Publications

Reviews of books or magazines relating to scale modeling.

YF-23 ATF Air Force Legends Number 220

Published: September 7th, 2017     
YF-23 ATF Air Force Legends Number 220
Author: Paul Metz
Reviewed by: Hub Plott, IPMS# 31328
Company: Specialty Press

This book covers the Northrop YF-23 which was in competition with the F-22 for the ATF contract. The book is written by the chief test pilot of the Yf-23 program and the in-depth knowledge of the author really shows in the book. While the F-22 was chosen many, including myself consider the YF-23 the more aesthetically pleasing of the two designs.

Ginter books are well known in both the modeling and aviation community for their in-depth photo coverage and history of the title subject. This book, number 220 in the Air Force legend series lives up to the sterling reputation established by all of the previous volumes. Being a more modern subject, the book is overflowing with color photos.

SM.03 Sazabi Custom

Published: September 4th, 2017     
SM.03 Sazabi Custom
Author: Mike Rinaldi
Reviewed by: Frank Landrus, IPMS# 35035
Company: Rinaldi Studio Press

This is Michael Rinaldi's third book in this series, the first being on the Industria Mechanika 1/35 FichtenFoo's Fantastical Fish-shaped Submersible resin kit with the second being the Trumpeter 1/35 Stalinetz S.65 Russian Army tractor kit. This issue focuses on the Bandai 1/100 Sazabi Gundam Mecha that has been customized. The Single Model (SM) series represents a focus on a specific kit and as such is a limited edition (i.e. Only One Print Run!). This singular focus permits Michael Rinaldi to tackle topics outside of his successful TankArt series and allows him to address finishes that he has not attempted before. A core premise of the new book series is to explore and redefine artistic and creative finishes for each subject.

Sharpshooting Rifles of the American Civil War

Published: September 3rd, 2017     
Sharpshooting Rifles of the American Civil War
Author: Martin Pegler
Reviewed by: Doug Hamilton, IPMS# 21985
Company: Osprey Publishing

The American Civil War was a time of transition, both materially and tactically. On the material side of the equation, metallurgy and weaponry were seeing huge advances. The tactical side struggled to keep pace. When war first broke in 1861 commanders saw the battlefield as a linear environment. That is; long lines of men advancing toward each other to get close enough for the smoothbore weapons of the day to reach maximum efficiency. Technology moved forward with rifled weapons that were more accurate at longer ranges. And coupled with advances in sighting and powder, the ability to reach out and touch your foe at longer ranges meant linear battlefield tactics were becoming obsolete in a deadly way.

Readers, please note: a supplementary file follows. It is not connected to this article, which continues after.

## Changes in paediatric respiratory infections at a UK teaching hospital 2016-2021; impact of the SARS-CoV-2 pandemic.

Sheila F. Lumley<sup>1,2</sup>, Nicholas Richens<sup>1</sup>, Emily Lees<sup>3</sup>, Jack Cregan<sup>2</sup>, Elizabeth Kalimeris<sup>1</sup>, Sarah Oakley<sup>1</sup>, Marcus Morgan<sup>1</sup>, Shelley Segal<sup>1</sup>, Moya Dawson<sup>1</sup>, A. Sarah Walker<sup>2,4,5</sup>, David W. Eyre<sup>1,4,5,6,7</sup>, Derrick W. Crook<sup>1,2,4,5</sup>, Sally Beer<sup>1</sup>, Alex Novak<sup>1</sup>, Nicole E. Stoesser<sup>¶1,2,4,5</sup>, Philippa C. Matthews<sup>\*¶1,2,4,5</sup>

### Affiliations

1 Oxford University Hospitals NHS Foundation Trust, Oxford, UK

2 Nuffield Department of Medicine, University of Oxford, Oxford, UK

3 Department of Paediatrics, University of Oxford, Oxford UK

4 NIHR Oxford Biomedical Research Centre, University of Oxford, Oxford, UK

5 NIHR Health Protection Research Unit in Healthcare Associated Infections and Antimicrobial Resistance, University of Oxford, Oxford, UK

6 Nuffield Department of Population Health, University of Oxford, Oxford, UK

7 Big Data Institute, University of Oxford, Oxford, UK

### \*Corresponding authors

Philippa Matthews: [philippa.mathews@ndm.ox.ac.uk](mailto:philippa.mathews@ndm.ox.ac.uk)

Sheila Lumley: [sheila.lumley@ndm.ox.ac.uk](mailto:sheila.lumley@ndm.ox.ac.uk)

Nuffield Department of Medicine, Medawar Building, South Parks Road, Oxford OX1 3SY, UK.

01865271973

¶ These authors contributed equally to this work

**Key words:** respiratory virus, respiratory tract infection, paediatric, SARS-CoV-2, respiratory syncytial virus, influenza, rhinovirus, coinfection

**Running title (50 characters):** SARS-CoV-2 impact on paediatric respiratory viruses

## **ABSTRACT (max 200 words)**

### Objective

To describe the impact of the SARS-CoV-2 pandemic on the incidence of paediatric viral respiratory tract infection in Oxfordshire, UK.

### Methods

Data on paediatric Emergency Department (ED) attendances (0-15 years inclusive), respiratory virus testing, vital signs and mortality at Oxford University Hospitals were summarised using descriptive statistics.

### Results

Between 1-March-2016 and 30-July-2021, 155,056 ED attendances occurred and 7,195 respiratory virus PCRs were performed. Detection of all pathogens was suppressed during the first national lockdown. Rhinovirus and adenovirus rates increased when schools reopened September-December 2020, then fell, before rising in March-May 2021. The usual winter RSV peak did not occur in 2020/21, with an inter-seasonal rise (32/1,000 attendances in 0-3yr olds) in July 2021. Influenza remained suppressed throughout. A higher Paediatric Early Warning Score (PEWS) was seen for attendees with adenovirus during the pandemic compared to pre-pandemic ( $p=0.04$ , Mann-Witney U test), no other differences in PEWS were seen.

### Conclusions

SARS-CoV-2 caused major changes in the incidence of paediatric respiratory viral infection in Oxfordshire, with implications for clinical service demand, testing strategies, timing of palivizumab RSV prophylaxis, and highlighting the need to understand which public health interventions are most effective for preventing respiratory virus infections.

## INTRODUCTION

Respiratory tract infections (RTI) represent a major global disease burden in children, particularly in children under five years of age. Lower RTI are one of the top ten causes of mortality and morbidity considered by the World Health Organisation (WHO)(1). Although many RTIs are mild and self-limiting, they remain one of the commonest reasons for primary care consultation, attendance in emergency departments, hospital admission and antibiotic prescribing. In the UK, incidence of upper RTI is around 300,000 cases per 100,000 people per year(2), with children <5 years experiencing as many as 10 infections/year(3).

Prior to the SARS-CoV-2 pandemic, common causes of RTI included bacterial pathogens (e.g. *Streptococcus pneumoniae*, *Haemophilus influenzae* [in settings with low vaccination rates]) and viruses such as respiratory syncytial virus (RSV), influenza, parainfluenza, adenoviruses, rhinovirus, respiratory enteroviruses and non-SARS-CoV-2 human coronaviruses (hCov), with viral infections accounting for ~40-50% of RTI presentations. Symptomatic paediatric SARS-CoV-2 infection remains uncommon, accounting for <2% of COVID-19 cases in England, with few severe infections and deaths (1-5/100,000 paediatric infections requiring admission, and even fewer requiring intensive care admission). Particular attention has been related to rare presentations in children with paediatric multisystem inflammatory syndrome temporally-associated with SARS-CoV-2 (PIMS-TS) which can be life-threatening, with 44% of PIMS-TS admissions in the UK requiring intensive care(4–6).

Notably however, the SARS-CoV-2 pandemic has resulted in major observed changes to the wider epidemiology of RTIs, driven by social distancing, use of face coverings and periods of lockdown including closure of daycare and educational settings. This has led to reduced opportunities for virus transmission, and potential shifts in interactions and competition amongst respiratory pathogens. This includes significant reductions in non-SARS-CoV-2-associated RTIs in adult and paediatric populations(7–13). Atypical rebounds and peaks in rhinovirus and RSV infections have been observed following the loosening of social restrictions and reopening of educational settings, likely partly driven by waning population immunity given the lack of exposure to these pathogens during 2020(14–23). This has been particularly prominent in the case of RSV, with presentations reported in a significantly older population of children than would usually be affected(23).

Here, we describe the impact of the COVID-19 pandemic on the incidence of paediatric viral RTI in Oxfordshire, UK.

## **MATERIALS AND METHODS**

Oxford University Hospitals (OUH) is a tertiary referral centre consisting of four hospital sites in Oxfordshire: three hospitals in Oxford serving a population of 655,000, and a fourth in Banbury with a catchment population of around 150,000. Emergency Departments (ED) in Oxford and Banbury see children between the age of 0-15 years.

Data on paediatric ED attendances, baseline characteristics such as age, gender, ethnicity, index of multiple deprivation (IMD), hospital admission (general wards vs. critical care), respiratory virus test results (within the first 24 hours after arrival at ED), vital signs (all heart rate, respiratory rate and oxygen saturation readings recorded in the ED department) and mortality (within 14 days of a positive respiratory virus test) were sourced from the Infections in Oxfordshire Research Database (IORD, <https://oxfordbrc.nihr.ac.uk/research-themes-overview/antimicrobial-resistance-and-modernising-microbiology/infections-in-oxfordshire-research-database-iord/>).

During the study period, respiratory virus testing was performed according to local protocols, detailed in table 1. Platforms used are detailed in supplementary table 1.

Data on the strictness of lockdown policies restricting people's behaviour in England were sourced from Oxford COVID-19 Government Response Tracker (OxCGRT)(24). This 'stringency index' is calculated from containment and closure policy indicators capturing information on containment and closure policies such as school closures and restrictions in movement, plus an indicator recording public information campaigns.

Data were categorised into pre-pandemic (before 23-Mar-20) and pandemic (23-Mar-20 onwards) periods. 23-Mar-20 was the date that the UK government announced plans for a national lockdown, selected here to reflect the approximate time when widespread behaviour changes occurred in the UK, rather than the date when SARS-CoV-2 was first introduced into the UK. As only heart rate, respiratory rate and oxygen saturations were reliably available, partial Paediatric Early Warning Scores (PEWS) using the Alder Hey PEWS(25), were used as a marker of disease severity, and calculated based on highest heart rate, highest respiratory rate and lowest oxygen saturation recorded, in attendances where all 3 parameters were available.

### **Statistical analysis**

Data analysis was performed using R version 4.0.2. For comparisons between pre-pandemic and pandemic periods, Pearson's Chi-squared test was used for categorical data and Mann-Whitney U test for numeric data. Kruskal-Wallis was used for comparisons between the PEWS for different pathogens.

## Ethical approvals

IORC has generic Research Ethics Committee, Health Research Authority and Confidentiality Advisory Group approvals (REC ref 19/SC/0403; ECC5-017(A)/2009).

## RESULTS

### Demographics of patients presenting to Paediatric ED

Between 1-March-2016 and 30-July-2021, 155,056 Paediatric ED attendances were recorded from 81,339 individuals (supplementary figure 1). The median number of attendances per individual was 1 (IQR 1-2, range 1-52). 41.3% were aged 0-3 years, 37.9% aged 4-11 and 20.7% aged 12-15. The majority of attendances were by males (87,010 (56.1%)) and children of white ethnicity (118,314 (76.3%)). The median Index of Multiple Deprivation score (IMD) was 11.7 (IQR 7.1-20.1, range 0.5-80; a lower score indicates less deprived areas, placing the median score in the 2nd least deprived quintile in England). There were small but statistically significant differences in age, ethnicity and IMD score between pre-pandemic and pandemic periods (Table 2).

Savannah 1779 The British Turn South Campaign 311

Published: August 30th, 2017     
Savannah 1779 The British Turn South Campaign 311
Author: Scott Martin & Bernard Harris; Illustrated by: Graham Turner
Reviewed by: Steve Zajac, IPMS# 34937
Company: Osprey Publishing

Osprey Publishing's latest edition in their American Revolutionary War series concentrates on the British invasion of the southern states in 1778, the first move in their "southern strategy".

Lockheed Model L-200 Convoy Fighter The Original Proposal and Early Development of the XFV-1 Salmon Part 1

Published: August 30th, 2017     
Lockheed Model L-200 Convoy Fighter The Original Proposal and Early Development of the XFV-1 Salmon Part 1
Author: Jared A. Zichek
Reviewed by: Dave Morrissette, IPMS# 33653
Company: Retromechanix

Jared Zichek continues his in depth look at the US Navy Convoy Fighter competition of 1950 with this in depth look at the Lockheed Model L-200. As a bit of background, the US at the time was nervous about protecting convoys between the US and its allies after the rough go that convoys had early in WWII. The proposal was a request for a high-performance turboprop fighter to be based on those convoys and to protect them. Five companies participated including Convair, Goodyear, Martin, and Northrop as well as Lockheed. The most famous of this group was the Convair Pogo but thankfully Mr. Zichek has dug in to review the remaining one s and with that, this book focuses on Lockheed's efforts.

The book starts with the design features of the L-200 and one of the primary features is this is a VTOL aircraft meant to sit on the deck of a ship, take off vertically and fly like a normal plane and then return and land vertically. This was the early 1950's and this presented many challenges and many innovations also. There is a great discussion of what was expected as far as take off and landing, armament, and radar required and many other details.